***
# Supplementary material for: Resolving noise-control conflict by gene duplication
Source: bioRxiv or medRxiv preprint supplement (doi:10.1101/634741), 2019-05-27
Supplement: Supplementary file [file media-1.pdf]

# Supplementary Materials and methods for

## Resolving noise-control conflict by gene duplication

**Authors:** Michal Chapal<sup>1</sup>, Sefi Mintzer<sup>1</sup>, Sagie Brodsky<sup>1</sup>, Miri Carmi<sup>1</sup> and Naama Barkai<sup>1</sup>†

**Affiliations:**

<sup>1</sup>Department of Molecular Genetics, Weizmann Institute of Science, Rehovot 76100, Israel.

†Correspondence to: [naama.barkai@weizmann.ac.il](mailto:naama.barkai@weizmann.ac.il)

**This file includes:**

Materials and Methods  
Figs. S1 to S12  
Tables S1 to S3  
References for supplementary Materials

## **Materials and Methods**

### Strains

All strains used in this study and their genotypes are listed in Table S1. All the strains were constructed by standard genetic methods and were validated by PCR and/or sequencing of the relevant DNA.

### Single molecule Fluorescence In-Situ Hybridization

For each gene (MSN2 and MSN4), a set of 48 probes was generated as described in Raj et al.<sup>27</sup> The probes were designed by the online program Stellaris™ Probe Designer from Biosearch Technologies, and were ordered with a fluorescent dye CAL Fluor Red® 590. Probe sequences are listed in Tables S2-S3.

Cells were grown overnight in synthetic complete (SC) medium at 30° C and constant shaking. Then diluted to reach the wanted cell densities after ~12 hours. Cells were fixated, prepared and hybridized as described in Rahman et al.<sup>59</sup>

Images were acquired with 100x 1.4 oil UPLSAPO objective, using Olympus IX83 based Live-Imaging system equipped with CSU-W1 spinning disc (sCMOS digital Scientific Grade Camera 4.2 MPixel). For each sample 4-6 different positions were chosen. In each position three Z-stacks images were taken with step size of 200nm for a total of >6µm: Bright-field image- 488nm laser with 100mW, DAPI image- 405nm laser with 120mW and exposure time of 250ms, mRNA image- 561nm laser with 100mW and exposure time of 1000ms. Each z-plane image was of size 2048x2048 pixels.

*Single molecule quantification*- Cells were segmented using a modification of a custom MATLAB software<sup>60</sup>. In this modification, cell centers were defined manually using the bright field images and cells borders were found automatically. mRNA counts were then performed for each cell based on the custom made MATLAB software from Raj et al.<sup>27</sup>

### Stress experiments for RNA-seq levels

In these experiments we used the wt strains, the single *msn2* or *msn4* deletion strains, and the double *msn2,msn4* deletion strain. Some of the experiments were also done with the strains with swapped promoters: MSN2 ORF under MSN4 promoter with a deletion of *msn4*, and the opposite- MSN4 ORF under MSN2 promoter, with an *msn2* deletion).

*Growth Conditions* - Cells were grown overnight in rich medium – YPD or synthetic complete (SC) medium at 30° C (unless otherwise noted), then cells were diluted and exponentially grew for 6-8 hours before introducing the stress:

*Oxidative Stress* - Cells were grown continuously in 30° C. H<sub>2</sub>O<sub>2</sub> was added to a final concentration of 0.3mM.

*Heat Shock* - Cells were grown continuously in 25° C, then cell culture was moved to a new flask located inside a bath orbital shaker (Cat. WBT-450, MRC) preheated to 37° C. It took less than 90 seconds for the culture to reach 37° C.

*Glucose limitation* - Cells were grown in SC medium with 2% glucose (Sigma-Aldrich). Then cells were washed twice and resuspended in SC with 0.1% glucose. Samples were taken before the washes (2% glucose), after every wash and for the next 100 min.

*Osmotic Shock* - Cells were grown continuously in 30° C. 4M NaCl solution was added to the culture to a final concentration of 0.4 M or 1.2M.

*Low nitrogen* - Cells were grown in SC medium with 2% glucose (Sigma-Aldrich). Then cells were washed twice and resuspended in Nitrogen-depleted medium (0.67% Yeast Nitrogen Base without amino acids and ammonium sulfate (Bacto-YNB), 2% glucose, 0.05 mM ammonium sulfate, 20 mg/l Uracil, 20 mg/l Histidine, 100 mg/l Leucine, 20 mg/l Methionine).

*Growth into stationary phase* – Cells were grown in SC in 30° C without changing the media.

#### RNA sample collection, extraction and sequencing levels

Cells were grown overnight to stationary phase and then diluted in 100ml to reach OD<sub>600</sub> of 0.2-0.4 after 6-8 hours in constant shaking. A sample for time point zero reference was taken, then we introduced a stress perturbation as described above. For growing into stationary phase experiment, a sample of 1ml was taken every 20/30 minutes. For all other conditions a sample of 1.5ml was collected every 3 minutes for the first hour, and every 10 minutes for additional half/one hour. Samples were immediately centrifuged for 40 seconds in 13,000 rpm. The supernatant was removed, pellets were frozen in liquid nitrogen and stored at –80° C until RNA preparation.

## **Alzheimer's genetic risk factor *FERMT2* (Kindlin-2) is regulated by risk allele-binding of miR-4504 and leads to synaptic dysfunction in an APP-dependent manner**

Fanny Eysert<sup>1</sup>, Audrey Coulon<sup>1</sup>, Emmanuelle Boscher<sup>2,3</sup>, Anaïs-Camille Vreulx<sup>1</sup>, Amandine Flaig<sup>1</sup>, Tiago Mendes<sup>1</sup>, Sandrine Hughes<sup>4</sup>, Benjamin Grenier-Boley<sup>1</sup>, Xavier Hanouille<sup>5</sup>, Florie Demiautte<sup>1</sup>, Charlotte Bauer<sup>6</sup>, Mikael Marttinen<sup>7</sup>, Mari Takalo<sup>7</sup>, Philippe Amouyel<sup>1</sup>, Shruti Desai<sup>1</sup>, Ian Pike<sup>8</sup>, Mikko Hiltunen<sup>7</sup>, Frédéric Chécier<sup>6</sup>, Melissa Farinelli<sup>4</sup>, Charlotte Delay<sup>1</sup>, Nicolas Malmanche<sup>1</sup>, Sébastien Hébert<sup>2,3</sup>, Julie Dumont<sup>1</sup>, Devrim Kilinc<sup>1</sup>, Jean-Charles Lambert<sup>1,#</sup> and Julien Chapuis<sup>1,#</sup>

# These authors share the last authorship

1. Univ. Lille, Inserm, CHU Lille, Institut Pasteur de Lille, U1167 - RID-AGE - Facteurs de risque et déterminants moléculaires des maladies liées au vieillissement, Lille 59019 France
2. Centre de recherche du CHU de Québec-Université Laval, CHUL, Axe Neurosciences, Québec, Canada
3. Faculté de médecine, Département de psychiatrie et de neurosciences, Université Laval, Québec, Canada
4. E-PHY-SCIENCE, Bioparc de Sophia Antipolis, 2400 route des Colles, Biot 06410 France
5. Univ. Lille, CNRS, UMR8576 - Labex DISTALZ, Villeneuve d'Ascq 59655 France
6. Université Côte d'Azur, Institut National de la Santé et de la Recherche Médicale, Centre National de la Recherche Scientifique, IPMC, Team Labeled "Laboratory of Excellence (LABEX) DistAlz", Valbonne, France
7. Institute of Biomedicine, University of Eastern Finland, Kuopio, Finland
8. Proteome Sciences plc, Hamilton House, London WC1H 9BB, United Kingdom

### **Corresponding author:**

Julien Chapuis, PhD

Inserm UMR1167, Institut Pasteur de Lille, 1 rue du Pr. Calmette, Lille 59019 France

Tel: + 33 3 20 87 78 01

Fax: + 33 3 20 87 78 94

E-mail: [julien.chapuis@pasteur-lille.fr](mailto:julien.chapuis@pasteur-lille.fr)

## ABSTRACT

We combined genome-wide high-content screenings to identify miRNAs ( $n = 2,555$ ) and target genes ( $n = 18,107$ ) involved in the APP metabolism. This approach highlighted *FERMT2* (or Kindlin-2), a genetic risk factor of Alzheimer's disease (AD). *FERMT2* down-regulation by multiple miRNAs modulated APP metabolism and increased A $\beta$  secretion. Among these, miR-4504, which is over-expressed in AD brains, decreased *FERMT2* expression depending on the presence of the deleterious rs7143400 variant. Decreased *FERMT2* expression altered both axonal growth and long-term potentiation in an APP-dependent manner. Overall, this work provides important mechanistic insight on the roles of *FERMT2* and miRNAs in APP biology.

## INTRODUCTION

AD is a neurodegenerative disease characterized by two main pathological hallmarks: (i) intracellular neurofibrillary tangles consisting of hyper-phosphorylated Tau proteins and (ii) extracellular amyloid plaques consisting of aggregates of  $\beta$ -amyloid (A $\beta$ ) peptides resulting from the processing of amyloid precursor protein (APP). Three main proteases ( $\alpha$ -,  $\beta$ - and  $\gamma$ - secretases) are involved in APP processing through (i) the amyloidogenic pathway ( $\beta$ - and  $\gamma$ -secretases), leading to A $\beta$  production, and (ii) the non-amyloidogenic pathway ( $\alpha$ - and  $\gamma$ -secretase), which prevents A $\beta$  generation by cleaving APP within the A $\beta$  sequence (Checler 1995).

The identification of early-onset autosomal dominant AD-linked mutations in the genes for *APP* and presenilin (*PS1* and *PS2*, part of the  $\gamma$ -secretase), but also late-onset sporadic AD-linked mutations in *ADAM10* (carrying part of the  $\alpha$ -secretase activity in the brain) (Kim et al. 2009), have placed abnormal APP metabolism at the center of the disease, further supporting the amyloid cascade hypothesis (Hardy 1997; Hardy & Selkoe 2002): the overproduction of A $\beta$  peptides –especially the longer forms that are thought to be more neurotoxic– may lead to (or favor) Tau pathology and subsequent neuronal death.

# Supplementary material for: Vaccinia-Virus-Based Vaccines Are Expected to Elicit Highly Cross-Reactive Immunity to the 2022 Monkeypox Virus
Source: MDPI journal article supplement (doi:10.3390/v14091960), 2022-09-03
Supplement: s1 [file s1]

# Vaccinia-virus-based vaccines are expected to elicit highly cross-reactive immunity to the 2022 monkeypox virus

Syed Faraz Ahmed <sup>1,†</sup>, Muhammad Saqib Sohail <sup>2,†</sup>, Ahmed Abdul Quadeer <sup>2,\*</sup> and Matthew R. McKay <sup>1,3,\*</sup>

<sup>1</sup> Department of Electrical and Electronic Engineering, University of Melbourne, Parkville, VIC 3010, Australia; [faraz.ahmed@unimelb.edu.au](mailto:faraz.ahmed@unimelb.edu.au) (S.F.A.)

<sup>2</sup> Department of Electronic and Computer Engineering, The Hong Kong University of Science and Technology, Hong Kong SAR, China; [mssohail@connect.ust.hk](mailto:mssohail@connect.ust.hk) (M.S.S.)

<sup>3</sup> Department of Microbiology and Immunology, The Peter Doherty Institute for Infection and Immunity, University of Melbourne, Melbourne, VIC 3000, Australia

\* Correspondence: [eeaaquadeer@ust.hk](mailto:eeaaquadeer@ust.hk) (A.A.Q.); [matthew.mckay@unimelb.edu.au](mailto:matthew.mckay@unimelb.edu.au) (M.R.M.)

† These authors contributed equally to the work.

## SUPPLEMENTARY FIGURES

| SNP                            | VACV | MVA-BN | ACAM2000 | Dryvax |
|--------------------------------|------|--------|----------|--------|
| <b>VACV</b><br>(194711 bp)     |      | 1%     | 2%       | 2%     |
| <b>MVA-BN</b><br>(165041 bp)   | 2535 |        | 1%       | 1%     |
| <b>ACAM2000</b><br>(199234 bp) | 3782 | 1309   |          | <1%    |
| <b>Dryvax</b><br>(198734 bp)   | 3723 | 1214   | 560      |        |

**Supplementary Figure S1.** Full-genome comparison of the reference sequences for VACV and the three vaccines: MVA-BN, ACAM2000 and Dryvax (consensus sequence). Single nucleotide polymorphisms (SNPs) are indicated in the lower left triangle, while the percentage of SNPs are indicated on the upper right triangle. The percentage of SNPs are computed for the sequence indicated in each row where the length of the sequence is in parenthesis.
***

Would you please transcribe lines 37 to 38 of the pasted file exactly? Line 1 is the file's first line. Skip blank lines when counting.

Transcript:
1. Univ. Lille, Inserm, CHU Lille, Institut Pasteur de Lille, U1167 - RID-AGE - Facteurs de risque et déterminants moléculaires des maladies liées au vieillissement, Lille 59019 France
2. Centre de recherche du CHU de Québec-Université Laval, CHUL, Axe Neurosciences, Québec, Canada